By the time you read this, I will hopefully have completed my first marathon.

I say “hopefully” because finishing a whole marathon still seems like an impossible dream for me.

Back in February, fed up with cabin fever, I strapped on a pair of low-cut hiking shoes and headed up the Black Street stairs and along the airport trail for my first run in over a year.

Though I’d done some running in the past, including three half-marathons, it was the first time I’d laced up since moving to the Yukon. Put bluntly, I did not do well that first day, and was able to crank out just two kilometres.

Stubbornly, I set out again a few days later with more layers and a better attitude, and was surprised to find myself managing six kilometres. It was all the encouragement I needed.

Eventually, I found a small group that ran during lunch hour, comprised of some casual joggers and a few veteran marathoners.

I’ve never been a joiner when it comes to athletics, so I was surprised at how much I enjoyed running with a group. They were friendly and non-competitive, and went at a pace that allowed for conversation. I felt welcomed, and when I learned the crew had a long tradition of running the half-marathon in Mayo each summer, I was eager to come along.

Shortly after my first group outing, I found myself running alongside Keith Thaxter, president of the Boreal Adventure Running Association, and designated motivator for the lunch hour crew.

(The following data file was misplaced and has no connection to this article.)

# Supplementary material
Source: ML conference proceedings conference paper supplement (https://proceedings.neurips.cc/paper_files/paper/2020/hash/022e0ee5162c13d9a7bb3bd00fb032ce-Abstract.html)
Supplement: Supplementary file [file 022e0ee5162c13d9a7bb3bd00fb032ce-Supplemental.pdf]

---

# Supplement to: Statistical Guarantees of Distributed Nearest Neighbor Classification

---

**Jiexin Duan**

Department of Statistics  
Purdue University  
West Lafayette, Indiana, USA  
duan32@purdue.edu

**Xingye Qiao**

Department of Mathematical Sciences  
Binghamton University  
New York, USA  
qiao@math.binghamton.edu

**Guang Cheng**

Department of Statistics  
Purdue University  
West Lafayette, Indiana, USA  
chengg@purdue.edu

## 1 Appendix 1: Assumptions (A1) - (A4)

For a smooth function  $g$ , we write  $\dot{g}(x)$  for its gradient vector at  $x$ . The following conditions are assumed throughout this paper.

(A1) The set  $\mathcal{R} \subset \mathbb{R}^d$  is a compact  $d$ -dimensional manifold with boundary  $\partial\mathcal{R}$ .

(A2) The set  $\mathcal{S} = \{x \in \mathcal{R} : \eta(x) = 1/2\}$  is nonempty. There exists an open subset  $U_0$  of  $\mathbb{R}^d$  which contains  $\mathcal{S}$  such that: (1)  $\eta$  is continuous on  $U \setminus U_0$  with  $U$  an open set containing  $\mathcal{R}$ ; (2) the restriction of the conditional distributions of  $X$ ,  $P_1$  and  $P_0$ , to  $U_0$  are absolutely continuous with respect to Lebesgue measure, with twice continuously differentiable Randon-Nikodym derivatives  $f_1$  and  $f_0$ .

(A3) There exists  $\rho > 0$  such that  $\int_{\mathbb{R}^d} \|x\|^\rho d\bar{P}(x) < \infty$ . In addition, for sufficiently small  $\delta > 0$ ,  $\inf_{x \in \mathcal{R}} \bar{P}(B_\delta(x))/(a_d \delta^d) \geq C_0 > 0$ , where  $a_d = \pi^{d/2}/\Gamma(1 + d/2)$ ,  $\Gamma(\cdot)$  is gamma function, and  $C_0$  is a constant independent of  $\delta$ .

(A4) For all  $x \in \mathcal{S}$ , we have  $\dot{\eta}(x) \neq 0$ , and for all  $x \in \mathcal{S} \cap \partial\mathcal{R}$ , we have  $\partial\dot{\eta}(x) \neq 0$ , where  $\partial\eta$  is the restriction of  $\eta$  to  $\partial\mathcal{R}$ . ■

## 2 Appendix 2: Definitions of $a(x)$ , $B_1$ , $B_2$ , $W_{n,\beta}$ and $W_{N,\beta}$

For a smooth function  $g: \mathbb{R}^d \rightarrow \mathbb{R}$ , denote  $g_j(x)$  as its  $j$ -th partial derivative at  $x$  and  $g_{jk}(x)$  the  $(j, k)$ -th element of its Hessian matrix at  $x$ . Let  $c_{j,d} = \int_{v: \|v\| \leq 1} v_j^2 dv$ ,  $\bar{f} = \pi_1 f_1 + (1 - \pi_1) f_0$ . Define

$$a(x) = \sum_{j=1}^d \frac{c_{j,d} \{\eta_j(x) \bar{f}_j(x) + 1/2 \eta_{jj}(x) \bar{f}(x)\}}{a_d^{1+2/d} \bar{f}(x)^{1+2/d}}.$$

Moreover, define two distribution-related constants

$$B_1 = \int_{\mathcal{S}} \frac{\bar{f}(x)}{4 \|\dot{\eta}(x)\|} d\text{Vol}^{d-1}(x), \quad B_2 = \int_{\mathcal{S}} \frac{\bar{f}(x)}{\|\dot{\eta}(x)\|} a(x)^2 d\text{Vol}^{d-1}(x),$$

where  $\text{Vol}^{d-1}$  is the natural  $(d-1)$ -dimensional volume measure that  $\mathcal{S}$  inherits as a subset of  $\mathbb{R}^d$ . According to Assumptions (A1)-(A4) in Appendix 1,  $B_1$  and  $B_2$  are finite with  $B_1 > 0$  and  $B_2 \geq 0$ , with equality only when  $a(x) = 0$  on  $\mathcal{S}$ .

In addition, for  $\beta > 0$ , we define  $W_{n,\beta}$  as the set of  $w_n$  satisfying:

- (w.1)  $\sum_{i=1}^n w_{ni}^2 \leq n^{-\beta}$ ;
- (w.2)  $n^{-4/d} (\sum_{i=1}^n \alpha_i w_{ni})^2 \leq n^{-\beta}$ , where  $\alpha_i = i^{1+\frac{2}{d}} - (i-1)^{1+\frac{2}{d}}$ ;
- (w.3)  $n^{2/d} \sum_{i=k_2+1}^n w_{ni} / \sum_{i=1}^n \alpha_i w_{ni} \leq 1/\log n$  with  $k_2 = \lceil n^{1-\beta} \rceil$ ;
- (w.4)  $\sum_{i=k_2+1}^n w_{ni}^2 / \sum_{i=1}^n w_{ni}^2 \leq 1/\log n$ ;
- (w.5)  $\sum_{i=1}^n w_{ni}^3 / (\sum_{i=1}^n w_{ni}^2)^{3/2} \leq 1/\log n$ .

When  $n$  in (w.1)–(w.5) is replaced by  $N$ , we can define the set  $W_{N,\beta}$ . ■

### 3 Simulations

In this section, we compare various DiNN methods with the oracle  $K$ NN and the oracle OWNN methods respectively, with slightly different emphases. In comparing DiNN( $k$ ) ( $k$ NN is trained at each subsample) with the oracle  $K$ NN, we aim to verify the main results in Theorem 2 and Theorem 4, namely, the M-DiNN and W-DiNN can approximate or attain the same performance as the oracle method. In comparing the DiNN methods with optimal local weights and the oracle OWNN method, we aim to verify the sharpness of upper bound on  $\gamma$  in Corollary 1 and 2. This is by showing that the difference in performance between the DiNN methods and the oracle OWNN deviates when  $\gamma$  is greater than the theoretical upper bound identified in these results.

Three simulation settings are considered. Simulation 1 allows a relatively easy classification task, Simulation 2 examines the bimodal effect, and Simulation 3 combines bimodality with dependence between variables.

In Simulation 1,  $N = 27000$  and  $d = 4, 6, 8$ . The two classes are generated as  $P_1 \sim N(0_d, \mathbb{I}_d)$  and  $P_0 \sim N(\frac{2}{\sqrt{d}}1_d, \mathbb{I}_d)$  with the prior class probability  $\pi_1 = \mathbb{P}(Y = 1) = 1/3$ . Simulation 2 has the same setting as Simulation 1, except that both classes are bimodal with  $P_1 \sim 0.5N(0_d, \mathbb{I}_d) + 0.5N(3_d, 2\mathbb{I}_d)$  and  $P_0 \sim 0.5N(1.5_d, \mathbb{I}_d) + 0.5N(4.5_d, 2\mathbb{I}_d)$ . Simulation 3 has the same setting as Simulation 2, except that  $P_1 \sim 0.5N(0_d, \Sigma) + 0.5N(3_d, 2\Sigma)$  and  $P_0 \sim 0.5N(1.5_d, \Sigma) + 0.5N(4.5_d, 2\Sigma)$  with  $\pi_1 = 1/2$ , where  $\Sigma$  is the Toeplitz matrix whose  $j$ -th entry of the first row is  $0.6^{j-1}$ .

Thaxter, who competes in several marathons and ultra-marathons a year, has a coaching style that recalls a scene from Full Metal Jacket, though that day he was going easy.

Slowing down to join me at my fastest sprint, Thaxter offered tips and corrections, all the while making me feel that, if I just tried hard enough, I could run the full 26.2 miles at Mayo.

A week later, he presented me with my 12-week marathon training plan, and informed me that he, too, had a new challenge — a 100-kilometre race, taking place in Edmonton. I felt tremendously guilty, knowing as I did that I was secretly planning on running just the half-marathon come Mayo time.

Setting the groundwork for my upcoming switcheroo, I lamely complained of knee pains.

Drill Sergeant Thaxter looked down at my feet. “Your shoes are awful. You need shoes meant for running.”

“I’m afraid those aren’t in the budget right now,” I whined, hoping relative poverty was my ticket out.

The next day, there was a knock at my door. I extinguished my once-a-week cigarette, hurriedly sprayed my room with Febreeze, and opened up. There he stood, my new running guru, a fitness missionary who so deeply believed I could run a marathon that he had scrounged up two pairs of like-new runners for me to train in.

What could I do but commit to the 26.2-mile race? When someone has so much faith in you, and shows you that much kindness, good grace demands that you rise to the occasion.

I signed up for the full race that very day.